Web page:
Ode to the Grilled Cheese Sandwich

By Mary Anna Violi | @MaryAnnaVioli

Mull this over: a grilled cheese sandwich is one of life’s comfort and nourishing foods, especially when accompanied by a mouth-watering Honey Crisp apple. The same grilled cheese sandwich and a bowl of steaming tomato soup also satisfies the soul.  And our souls demand much satisfaction in these turbulent times.

   On Saturday afternoons, my mother often made us grilled cheese sandwiches for lunch, accompanied by a bowl of soup, usually tomato or tomato and rice.  Inevitably a sliced apple or pear appeared on our TV trays. Saturday lunch was the day of the week when we could eat off the TV trays while watching one 30-minute television program. Sometimes we watched “The Flintstones or “The Jetsons” [talk about time travel]; other times we watched “Lassie” as we slowly ate our preferred luncheon repast.

   I derived great comfort from this Saturday luncheon ritual. The world made sense from my child’s perspective. It was safe; it was familiar; it was love; and the food tasted good, too. To this day, I sometimes turn to a grilled cheese sandwich in time of question, confusion, pain, and solace. My preferred cheese in this sandwich is American. Plain, I know, but savory none-the-less, on Sara Lee Whole Wheat bread, or on slices of Italian or French bread. Sometimes I add leaves of fresh spinach to brighten the pale orange landscape on the toasted bread. Even my cat Valentino, foodie that he is, likes bits of grilled cheese; he is fine with melted American cheese. Neither of us needs Gruyere or Cheddar or Fontina; we’re copasetic with the classic American cheese with a bowl of tomato soup and a Honey Crisp apple on the side.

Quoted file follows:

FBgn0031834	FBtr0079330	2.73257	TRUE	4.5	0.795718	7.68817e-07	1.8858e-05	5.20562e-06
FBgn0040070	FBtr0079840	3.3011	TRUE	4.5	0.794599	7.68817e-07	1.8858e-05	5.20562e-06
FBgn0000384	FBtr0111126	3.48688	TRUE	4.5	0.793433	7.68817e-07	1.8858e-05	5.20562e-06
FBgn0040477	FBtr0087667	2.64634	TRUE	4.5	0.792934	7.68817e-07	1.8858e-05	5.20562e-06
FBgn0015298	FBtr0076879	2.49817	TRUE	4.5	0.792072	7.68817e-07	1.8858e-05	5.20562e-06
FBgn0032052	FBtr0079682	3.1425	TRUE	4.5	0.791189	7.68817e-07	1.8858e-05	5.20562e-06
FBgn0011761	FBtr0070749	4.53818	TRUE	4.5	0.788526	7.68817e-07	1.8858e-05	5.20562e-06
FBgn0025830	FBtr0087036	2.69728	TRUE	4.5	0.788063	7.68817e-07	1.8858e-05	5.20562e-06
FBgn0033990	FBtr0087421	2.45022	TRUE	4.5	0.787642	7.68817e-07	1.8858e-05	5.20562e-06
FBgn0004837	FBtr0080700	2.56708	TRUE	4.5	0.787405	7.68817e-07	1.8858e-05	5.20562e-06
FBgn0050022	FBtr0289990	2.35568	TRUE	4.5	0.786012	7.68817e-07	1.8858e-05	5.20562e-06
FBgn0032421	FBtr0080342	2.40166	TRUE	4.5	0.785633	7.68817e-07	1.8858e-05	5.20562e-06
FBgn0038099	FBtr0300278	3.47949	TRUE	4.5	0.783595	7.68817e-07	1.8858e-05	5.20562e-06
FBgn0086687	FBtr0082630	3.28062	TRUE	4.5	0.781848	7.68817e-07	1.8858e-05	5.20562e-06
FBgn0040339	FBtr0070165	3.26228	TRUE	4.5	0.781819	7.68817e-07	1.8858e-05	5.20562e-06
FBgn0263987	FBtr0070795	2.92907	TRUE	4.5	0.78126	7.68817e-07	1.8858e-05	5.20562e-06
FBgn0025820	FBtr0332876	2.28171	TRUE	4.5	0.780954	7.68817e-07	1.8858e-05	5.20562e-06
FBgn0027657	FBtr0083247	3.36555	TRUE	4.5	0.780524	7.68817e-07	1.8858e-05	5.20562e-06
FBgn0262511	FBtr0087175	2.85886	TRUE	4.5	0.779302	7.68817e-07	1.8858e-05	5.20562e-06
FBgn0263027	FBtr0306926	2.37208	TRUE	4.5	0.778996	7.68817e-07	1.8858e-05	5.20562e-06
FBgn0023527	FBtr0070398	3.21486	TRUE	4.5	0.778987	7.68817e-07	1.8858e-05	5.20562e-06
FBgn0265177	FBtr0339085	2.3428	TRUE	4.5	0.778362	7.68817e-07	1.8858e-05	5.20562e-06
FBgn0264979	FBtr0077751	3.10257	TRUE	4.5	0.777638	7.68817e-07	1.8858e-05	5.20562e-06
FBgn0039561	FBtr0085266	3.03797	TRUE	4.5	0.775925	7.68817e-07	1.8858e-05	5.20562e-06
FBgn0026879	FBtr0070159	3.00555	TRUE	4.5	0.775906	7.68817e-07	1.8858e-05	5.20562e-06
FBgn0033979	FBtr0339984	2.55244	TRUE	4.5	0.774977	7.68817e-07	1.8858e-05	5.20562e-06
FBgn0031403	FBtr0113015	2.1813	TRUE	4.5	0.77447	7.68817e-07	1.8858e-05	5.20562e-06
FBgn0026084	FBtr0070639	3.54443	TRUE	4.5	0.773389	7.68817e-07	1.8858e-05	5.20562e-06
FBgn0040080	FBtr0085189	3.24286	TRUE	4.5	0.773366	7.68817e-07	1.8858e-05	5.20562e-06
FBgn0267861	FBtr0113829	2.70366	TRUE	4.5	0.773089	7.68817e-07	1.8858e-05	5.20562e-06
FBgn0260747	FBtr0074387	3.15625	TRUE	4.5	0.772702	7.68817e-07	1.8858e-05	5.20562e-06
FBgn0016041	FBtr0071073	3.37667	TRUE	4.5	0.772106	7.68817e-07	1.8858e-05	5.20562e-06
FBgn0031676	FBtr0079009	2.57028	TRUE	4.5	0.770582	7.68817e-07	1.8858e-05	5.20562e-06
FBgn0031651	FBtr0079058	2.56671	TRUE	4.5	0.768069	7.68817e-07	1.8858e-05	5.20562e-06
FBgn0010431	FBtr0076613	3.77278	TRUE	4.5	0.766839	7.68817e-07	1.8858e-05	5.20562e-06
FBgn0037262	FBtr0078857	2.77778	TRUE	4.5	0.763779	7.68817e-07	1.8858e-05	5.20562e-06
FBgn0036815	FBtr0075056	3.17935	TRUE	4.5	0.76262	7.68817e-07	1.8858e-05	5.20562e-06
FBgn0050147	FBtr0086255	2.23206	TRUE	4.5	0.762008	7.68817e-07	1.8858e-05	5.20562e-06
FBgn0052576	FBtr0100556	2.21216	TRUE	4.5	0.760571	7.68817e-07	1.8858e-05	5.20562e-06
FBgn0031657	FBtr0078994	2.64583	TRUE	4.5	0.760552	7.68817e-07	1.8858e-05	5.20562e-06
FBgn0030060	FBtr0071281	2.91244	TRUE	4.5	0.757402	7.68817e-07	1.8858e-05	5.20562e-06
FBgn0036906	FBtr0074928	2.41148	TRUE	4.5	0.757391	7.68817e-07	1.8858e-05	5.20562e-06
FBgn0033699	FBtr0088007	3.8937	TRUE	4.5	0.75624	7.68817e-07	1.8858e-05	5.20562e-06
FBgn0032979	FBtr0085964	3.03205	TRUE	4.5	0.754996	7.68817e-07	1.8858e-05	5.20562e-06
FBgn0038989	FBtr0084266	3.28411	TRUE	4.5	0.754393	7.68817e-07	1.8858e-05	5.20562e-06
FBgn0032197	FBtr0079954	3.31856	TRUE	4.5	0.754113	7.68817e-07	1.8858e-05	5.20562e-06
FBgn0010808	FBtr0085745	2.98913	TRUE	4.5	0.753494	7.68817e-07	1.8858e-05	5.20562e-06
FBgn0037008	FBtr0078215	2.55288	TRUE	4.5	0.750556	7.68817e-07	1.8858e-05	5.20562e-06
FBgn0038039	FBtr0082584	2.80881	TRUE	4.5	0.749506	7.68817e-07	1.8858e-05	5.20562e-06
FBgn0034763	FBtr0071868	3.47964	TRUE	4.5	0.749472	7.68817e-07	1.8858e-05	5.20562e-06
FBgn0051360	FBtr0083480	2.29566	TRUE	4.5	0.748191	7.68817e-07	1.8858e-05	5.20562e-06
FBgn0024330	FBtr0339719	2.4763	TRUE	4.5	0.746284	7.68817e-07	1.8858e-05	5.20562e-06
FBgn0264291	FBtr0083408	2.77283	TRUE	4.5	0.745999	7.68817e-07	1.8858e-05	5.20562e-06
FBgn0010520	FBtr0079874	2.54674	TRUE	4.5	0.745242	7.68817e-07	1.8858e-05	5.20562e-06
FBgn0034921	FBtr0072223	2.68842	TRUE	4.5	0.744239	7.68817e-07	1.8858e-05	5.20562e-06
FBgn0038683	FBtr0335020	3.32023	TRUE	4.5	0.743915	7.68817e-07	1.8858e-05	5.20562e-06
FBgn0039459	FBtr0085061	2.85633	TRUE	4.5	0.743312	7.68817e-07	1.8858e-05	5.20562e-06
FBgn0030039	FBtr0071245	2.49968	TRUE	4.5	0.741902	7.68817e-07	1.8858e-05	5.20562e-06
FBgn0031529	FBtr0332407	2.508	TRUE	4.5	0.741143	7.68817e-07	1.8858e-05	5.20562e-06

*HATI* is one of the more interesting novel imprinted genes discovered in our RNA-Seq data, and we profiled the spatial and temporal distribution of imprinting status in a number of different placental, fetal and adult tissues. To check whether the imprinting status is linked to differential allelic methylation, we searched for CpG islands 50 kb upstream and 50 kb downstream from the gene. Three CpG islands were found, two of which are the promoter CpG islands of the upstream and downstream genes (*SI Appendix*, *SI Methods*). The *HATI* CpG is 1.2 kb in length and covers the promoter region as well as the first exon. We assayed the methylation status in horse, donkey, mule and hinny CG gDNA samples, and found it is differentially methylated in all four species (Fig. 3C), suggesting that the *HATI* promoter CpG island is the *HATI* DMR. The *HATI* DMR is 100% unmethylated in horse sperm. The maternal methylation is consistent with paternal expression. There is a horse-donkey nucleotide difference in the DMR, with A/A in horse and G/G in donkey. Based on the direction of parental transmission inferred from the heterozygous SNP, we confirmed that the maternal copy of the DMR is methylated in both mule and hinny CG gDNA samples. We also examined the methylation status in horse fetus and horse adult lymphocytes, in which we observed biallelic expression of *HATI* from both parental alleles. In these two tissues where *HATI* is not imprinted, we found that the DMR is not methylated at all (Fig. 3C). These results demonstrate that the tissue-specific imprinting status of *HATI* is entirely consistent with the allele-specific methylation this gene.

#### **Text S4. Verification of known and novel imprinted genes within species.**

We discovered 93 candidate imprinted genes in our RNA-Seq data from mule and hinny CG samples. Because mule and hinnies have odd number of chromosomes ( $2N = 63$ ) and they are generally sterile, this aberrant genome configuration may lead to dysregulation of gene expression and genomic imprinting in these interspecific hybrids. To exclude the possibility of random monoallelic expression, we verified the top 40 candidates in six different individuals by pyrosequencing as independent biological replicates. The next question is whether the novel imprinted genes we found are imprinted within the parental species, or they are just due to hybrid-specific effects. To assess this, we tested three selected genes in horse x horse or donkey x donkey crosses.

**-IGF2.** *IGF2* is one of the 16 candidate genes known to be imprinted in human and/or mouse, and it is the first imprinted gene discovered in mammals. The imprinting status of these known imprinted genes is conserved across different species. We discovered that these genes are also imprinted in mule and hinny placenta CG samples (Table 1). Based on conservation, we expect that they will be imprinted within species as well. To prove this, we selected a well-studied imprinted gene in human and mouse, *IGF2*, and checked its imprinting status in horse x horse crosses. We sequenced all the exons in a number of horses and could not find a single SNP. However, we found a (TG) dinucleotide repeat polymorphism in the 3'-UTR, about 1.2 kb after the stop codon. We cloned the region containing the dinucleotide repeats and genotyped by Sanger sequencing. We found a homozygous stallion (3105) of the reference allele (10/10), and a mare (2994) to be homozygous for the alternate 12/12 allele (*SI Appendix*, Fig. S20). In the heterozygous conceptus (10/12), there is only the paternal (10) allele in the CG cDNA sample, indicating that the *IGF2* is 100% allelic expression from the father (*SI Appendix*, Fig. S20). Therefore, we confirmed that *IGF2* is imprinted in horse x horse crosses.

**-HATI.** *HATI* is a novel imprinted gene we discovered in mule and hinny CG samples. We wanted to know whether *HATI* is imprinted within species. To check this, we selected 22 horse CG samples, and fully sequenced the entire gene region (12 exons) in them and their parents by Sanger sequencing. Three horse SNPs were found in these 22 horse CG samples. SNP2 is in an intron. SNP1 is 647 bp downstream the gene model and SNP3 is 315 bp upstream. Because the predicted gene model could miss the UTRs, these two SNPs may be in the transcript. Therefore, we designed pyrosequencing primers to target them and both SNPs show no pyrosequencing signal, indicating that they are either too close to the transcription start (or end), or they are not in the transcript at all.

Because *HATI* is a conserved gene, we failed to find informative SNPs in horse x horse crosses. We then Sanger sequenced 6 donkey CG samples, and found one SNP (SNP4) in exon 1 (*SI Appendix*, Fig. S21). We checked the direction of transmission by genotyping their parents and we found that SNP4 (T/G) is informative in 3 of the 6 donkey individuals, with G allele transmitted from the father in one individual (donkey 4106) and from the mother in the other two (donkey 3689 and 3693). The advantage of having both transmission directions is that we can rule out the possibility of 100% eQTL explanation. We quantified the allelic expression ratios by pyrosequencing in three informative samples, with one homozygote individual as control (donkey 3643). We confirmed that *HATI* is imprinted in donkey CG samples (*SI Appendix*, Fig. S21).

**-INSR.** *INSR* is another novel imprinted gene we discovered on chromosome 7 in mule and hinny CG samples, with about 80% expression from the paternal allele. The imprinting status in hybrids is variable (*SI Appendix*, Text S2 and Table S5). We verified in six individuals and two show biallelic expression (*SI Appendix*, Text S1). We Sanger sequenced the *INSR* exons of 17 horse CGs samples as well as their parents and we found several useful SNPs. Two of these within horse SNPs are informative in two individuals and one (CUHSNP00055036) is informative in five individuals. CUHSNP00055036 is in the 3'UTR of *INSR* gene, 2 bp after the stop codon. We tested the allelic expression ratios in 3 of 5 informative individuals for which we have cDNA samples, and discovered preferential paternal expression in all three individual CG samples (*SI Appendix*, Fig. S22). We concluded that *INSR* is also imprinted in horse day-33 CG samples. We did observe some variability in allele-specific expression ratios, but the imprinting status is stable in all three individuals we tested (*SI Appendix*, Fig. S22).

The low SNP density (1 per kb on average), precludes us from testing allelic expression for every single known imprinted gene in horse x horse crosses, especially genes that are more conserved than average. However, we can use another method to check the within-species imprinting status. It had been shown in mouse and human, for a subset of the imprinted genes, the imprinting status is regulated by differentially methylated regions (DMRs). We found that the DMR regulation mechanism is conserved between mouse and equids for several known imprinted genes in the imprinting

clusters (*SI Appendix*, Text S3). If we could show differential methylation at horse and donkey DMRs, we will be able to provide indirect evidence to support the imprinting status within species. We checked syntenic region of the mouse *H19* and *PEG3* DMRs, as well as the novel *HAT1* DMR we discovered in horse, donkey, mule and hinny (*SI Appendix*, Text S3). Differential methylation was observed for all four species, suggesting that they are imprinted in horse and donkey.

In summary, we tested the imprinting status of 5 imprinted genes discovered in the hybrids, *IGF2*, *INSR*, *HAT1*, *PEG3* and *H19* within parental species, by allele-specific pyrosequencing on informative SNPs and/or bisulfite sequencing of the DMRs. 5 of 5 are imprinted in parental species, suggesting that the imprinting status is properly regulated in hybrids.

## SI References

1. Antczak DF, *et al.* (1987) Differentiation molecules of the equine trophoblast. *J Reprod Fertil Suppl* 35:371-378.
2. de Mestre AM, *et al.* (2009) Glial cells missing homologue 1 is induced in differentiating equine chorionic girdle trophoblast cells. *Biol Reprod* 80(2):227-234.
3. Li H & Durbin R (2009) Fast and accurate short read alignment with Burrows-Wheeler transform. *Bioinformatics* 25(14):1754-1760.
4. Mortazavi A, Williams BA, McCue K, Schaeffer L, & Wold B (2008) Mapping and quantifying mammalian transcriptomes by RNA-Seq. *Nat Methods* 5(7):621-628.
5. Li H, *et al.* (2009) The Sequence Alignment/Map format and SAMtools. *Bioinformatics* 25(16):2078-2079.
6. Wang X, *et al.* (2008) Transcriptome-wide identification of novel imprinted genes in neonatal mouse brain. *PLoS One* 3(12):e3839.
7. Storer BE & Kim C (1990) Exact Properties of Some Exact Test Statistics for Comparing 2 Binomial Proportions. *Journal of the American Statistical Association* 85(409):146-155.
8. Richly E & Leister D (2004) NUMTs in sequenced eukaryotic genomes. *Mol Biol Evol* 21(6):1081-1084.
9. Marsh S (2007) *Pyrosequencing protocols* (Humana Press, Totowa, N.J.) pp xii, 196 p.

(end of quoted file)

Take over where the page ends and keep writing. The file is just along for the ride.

Classic.

  Ciao for now.


An Italian Café

 

Go To Go by Lucrezia 's Bruschetta Duo tasted delicious!-www.tangledpasta.net
Go To Go by Lucrezia ‘s Bruschetta Duo tasted delicious!-www.tangledpasta.net

By Mary Anna Violi | @MaryAnnaVioli

This Memorial Day weekend, my plans included time with my newly minted Law graduate. Whilst she is fully engaged in studying for the Bar Exam, Anjelica carved out time for an afternoon for us to kick back and catch up.